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face
Hi,

please do not forget Hungarian as a BIG exception from this rule. (And
Finnish, as its relative.)

Imre

On Wed, 21 Dec 2005, Gerhard Fiedler wrote:


{Quote hidden}

> --

2005\12\26@141143 by Gerhard Fiedler

picon face
dr. Imre Bartfai wrote:

>>> I wonder in how many other languages a Yoda-like rearrangement of
>>> grammer would work?
>>
>> I think in pretty much all European languages derived from Latin or
>> similar to German. (That's because those are the only ones I'm somewhat
>> familiar with.)

> please do not forget Hungarian as a BIG exception from this rule. (And
> Finnish, as its relative.)

Just for the record :)

I didn't forget about Hungarian, Finnish, the Nordic languages, the Slavic
languages and others. That's why I said "pretty much all European languages
derived from Latin or similar to German" (meaning that IMO these can stand
a bit rearranging). This doesn't say anything about the many other European
languages that are not derived from Latin or similar to German.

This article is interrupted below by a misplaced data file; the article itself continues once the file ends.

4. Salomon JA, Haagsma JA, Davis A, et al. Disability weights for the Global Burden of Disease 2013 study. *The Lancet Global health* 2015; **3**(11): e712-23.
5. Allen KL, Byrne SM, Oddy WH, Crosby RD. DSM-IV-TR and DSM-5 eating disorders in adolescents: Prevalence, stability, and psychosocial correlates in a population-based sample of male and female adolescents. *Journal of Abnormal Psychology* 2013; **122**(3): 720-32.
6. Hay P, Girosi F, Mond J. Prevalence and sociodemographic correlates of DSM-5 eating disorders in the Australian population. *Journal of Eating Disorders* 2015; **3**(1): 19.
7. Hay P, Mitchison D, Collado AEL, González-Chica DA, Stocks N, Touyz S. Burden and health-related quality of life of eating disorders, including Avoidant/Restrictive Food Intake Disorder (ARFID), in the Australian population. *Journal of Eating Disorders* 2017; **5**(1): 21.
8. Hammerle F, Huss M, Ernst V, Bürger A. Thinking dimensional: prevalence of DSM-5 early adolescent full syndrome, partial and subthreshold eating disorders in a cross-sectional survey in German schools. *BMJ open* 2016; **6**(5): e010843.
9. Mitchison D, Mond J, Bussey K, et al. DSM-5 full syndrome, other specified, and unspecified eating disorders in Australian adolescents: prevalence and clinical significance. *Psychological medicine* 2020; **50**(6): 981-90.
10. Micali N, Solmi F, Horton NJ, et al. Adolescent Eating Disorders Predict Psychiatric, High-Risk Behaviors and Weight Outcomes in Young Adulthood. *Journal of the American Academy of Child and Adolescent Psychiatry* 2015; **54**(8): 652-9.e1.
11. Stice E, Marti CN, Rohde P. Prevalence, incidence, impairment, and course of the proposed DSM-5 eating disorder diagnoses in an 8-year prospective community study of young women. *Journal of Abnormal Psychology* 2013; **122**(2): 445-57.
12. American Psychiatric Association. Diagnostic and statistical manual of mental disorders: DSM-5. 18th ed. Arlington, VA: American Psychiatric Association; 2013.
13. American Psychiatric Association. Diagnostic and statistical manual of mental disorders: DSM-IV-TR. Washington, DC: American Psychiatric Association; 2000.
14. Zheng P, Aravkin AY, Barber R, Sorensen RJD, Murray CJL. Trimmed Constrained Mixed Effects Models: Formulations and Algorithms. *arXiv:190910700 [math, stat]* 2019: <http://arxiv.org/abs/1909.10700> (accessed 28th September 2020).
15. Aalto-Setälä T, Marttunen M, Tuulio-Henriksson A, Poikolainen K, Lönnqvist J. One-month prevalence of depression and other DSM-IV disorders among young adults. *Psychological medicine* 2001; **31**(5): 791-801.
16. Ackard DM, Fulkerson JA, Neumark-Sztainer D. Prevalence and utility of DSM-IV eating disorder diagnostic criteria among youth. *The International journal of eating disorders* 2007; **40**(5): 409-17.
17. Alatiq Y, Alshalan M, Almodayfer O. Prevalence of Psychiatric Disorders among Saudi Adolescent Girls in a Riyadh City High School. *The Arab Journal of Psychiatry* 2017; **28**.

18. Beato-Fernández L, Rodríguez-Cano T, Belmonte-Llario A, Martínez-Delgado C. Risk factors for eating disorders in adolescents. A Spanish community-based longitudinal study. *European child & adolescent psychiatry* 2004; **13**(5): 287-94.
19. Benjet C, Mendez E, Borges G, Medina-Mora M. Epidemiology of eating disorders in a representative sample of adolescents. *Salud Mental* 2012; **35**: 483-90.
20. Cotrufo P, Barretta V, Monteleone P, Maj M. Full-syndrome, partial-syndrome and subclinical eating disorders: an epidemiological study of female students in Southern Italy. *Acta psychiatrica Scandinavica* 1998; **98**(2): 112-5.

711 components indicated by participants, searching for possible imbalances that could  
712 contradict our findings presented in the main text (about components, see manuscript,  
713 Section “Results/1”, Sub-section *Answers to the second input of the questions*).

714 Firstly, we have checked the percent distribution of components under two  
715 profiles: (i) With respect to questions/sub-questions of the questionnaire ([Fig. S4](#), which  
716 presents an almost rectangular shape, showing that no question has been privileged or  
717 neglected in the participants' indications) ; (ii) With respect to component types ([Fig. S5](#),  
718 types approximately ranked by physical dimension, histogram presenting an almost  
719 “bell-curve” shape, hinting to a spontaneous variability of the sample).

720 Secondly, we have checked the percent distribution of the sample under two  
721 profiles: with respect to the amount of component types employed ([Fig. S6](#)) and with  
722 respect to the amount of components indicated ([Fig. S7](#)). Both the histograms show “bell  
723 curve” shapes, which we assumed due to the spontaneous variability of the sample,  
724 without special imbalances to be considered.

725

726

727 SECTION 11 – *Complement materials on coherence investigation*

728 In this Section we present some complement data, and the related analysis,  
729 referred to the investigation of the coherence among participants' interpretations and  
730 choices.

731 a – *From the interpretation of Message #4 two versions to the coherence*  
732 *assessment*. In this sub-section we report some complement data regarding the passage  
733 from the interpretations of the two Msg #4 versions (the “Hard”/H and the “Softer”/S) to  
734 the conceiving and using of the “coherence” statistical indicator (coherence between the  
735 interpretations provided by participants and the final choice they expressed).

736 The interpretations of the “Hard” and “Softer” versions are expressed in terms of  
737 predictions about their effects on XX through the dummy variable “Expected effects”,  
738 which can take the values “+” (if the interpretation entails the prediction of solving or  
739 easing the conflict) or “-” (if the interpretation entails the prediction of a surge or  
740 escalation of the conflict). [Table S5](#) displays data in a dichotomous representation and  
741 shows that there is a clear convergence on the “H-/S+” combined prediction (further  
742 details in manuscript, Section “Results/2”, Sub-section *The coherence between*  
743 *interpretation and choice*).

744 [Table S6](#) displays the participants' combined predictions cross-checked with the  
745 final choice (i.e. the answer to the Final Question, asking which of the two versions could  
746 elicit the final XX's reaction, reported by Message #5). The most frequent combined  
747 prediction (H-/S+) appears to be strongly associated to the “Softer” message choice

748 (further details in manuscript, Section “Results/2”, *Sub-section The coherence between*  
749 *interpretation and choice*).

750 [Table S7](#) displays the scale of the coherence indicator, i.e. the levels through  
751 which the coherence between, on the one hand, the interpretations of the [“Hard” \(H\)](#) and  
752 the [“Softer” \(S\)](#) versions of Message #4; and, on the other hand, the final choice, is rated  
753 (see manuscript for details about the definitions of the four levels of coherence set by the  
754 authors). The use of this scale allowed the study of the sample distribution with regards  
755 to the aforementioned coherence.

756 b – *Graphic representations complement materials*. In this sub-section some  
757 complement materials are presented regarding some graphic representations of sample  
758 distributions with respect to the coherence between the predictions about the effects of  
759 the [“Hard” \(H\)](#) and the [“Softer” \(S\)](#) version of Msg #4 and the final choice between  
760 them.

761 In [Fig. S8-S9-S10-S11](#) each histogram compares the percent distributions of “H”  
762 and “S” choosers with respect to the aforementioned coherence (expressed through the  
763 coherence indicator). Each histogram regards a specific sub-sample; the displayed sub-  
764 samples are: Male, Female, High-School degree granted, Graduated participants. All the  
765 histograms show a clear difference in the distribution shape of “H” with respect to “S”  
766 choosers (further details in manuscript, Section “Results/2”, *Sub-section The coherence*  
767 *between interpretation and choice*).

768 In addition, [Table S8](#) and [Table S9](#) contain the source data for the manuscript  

Gerhard


'[OT] Posters with English as 27th language'
2006\01\01@083719 by Russell McMahon
face
flavicon
face
>> please do not forget Hungarian as a BIG exception from this rule.
>> (And
>> Finnish, as its relative.)
>
> Just for the record :)
>
> I didn't forget about ...

An excellent example (I think) of confusion of meaning of an English
construct.

>>> I think in pretty much all European languages derived from Latin
>>> or
>>> similar to German. (That's because those are the only ones I'm
>>> somewhat
>>> familiar with.)

was taken (apparently) to mean something like.

       I think that pretty much all European languages
       are derived from Latin or are similar to German, and ...

whereas what was meant was (apparently) something like

       Of almost all of the subset of European languages
       which are either derived from Latin or which are similar